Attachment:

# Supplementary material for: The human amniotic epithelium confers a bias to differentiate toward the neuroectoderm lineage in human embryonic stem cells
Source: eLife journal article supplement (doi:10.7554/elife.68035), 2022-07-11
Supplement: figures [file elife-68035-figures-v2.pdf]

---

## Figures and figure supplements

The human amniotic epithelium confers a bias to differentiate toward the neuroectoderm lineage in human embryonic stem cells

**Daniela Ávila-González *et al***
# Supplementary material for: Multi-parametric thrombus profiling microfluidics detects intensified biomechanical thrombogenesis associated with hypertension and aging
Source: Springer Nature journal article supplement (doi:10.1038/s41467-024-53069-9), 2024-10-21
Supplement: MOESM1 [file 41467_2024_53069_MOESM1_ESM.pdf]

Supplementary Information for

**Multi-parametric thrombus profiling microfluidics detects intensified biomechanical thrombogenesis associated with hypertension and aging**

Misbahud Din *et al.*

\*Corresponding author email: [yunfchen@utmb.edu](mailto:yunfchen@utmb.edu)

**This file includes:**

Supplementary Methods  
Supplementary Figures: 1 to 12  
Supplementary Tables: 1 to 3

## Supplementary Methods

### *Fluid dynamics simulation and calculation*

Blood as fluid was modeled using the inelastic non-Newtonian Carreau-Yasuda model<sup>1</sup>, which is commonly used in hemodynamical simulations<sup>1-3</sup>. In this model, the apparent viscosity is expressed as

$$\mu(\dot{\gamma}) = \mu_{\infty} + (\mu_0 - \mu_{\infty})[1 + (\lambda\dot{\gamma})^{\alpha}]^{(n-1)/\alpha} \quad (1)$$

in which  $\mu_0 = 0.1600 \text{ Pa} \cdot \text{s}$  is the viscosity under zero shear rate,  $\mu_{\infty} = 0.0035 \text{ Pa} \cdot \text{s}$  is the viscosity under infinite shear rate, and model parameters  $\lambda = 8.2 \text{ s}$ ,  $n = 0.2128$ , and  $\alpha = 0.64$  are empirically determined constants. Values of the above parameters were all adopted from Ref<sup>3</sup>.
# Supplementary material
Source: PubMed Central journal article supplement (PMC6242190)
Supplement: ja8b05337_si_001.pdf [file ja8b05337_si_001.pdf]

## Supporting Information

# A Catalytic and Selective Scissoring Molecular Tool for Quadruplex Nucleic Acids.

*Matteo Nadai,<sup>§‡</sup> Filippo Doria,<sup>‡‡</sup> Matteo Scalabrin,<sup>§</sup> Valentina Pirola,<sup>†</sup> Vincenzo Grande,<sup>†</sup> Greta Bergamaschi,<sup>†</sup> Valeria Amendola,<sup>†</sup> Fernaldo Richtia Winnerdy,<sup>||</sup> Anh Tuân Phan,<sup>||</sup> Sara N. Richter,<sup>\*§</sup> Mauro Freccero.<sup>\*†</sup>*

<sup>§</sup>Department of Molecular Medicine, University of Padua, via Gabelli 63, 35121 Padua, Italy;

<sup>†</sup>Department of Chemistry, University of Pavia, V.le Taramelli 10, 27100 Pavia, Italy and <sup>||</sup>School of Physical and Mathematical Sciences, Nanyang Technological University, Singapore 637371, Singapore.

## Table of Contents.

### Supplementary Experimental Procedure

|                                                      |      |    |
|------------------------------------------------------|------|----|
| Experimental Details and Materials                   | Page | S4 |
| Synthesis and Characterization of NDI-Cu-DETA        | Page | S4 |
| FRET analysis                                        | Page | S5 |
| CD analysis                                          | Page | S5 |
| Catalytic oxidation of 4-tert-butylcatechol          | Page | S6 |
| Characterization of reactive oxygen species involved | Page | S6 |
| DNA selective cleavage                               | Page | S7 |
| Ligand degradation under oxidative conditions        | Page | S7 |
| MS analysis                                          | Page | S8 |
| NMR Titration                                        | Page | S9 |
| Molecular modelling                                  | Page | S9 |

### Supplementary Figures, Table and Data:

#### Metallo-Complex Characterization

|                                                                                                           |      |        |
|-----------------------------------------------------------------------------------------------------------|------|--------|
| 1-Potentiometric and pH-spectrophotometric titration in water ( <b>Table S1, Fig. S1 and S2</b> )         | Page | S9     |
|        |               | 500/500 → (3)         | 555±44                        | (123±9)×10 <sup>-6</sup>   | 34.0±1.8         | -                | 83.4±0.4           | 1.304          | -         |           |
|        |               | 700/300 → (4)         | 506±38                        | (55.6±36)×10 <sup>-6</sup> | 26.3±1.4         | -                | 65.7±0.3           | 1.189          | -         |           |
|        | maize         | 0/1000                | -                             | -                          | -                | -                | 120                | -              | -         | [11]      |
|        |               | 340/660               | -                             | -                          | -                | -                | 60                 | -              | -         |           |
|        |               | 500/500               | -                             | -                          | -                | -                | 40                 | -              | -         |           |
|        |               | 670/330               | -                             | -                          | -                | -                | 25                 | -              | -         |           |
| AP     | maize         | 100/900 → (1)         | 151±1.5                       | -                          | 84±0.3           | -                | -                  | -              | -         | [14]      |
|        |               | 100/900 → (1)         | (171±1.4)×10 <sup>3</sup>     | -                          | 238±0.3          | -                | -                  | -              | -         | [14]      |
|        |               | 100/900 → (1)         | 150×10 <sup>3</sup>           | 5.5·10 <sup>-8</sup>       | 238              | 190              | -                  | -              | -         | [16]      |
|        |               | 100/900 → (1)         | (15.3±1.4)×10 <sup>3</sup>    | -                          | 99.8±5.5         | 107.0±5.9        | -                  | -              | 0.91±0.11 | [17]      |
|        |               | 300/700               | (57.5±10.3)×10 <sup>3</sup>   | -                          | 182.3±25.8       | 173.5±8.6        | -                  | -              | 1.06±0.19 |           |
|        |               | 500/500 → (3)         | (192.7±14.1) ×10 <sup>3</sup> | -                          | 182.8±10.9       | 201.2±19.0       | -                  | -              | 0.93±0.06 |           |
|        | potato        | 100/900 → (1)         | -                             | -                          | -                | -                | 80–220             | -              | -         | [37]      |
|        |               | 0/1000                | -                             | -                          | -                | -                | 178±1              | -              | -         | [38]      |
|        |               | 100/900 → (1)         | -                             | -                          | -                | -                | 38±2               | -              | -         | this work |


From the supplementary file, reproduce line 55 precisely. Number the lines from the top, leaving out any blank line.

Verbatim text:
|        |               | 340/660               | -                             | -                          | -                | -                | 60                 | -              | -         |           |